A problem management process aims to diagnose the root cause of an incident or problem that has occurred and then determine how the problem can be resolved. It includes implementing the resolution, as well as maintaining the necessary knowledge about problems and resolutions or workarounds, so that problems can be avoided and fixes can be reused in the future.
For organizations providing IT services, the problem management process is a key process to ensuring that the services are available and that the quality of the services is satisfactory. But problem management can also be seen in a broader sense, any kind of service that is delivered to a customer, which could be an internal customer as well as an external customer. It helps to manage and result incidents and problems that are reported by customers.
When a service is disrupted, it can damage the organization’s reputation. Customers might leave for another service provider. Perhaps the price charged for the service might have to be cut or customers might have to be compensated. All these things will result in lower revenue and profit. In an age where organizations compete not only with price and quality of the products or services they provide, but the entire customer experience, the importance of having a well-functioning problem management process cannot be overstated.
A high level view of a typical problem management process is illustrated above. The process is triggered when an incident or a problem is detected and reported. After being registered in a system, it is prioritized and the investigation and resolution activities are being planned. The problem is then investigated and diagnosed in order to find the root cause. A workaround might be implemented while investigating the problem further. When the root cause has been found, the next step is to find and implement a solution that fixes the root cause. When the problem has been resolved, a follow-up is made to ensure that it and the problem is being closed.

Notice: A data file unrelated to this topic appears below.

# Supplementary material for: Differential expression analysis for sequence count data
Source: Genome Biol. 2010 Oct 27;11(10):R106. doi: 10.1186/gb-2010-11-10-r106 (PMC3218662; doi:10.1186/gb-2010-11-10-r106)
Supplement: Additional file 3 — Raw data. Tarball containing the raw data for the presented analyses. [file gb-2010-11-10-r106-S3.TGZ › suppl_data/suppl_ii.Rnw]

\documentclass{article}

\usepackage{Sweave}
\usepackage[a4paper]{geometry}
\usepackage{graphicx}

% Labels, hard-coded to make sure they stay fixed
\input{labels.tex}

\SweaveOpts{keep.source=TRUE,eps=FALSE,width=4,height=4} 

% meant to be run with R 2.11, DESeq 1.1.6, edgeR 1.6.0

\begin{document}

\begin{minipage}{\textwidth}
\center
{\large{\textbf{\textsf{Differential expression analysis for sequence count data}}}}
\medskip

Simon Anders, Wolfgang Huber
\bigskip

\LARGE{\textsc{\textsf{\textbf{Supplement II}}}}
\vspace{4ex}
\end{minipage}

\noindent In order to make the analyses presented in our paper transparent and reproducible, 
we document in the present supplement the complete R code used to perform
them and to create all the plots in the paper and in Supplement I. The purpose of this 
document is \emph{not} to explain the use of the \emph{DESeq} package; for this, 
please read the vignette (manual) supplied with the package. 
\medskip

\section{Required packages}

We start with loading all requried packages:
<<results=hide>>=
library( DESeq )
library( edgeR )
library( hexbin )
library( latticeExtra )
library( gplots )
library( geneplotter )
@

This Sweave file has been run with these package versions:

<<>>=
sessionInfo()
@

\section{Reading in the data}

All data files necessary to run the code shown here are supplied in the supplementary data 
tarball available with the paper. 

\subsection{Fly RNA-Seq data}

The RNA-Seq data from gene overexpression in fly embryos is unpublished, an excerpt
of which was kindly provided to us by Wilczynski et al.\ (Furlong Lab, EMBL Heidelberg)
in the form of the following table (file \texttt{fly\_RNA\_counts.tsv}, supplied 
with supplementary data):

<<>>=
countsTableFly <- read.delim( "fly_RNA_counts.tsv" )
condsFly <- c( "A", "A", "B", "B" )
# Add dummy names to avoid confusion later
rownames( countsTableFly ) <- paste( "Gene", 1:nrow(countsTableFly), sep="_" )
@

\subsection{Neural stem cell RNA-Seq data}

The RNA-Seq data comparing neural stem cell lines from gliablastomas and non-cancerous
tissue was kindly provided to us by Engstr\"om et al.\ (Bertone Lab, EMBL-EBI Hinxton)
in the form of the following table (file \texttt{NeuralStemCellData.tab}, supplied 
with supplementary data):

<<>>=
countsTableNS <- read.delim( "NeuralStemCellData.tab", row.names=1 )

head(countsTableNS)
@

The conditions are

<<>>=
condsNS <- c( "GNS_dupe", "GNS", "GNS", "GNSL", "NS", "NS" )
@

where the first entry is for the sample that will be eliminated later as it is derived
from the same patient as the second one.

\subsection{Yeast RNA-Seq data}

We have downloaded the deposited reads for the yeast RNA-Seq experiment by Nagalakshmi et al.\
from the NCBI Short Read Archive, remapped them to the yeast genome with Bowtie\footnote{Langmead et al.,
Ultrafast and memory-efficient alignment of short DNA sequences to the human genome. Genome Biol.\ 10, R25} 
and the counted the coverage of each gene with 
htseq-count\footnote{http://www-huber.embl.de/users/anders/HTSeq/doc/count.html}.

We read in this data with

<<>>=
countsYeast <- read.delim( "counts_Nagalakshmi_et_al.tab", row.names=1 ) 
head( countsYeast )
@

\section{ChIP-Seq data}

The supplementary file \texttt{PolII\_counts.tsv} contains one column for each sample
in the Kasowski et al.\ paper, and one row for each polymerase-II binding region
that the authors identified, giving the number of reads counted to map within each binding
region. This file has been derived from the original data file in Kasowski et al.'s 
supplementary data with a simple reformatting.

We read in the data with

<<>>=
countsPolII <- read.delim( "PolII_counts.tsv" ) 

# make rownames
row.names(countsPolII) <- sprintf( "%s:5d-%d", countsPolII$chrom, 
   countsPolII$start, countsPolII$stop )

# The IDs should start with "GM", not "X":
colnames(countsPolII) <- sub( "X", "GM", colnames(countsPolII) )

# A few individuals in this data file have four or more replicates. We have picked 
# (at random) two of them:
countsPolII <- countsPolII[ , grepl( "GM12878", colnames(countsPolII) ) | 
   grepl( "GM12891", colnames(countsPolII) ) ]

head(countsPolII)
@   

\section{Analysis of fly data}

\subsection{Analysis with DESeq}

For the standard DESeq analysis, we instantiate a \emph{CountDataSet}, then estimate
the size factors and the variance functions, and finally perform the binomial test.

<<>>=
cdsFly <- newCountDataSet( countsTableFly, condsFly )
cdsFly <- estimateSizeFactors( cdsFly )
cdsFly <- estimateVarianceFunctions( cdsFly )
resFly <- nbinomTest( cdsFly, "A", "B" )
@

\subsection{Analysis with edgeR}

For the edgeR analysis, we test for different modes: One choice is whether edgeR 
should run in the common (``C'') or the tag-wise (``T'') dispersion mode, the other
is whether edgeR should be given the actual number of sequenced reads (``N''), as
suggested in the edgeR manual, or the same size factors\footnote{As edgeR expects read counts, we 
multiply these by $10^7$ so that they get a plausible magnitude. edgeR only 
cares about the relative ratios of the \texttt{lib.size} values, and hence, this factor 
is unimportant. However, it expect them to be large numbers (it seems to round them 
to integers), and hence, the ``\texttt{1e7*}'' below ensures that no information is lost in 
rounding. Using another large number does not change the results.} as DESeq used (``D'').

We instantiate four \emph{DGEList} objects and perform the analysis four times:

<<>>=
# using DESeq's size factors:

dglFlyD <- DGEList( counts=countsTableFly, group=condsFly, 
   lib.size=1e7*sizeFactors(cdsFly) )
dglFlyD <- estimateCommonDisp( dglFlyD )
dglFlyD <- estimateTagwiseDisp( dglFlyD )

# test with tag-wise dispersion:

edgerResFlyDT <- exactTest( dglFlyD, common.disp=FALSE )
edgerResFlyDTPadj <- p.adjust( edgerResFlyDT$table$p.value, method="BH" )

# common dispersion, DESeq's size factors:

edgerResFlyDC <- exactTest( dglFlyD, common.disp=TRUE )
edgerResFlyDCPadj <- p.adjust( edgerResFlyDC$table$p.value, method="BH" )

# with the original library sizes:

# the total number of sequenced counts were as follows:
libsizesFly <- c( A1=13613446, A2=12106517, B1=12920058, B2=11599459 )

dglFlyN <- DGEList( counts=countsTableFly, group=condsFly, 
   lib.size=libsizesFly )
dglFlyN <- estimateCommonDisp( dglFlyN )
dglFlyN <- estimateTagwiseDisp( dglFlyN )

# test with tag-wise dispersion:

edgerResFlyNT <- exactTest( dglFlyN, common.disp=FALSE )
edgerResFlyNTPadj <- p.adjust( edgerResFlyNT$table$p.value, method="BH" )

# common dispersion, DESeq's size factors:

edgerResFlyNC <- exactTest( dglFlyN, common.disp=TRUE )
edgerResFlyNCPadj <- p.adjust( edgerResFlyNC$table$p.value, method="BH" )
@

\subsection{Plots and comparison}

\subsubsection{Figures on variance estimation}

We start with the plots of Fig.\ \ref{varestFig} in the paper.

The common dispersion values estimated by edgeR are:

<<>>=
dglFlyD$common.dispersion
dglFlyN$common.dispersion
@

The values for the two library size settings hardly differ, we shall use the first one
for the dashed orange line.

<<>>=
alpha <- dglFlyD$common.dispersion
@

Typical challengesProblem management is a process that sometimes needs to involve many people from different organizations and locations. Specialists with expertise in different domains might need to get together and collaborate to quickly assess a problem and find a resolution or workaround, often without meeting face-to-face and interacting only with a name and an email address. Thus a problem management process is subject to all the typical challenges of collaborative non-routine work, such as the becoming aware of what other people are working on, communicating, coordinating activities, sharing information, locating expertise, and so forth.
Another challenge is that many users become frustrated since they get little or no feedback about the progress of the problem or incident that they have reported. Their ability to communicate and interact with the problem management team is limited, and vice versa, which causes unnecessary friction. The lack of communication leads to a lack of mutual understanding and an “us vs them” mindset might develop within the problem management team, which creates even more friction and conflict.
As with any process, there are usually a fixed or limited number of resources with a given set of knowledge and expertise that is participating in a problem management process, thereby setting definitive constraints on the teams ability to manage and resolve problems. These constraints affect such things as the response time and the throughput of the process, the ability to scale the process to handle more problems, the ability to solve big, complex, and wicked problems, and the quality of the output and thus the service provided.
Often, the huge workload makes the problem management team reactive. If they would be involved in the earlier phases of the service development lifecycle such as service design and implementation, they could be more proactive and make sure that a lot of problems and incidents are avoided or be better prepared when a problem or incident occurs. But since they are already knee-deep in problems they need to manage, they don’t have any resources to spare, so they continue being reactive even if being more proactive would likely reduce the number of incidents and problems they need to handle as well as speed up the problem management process.
Improvement opportunitiesSocial technology can be used to improve cross-functional collaboration by making it easier to communicate and interact across organizations and locations, especially when many people are participating in the process. Here are a few more specific examples on how social technology can be used to improve a problem management process.
1. Enabling two-way communication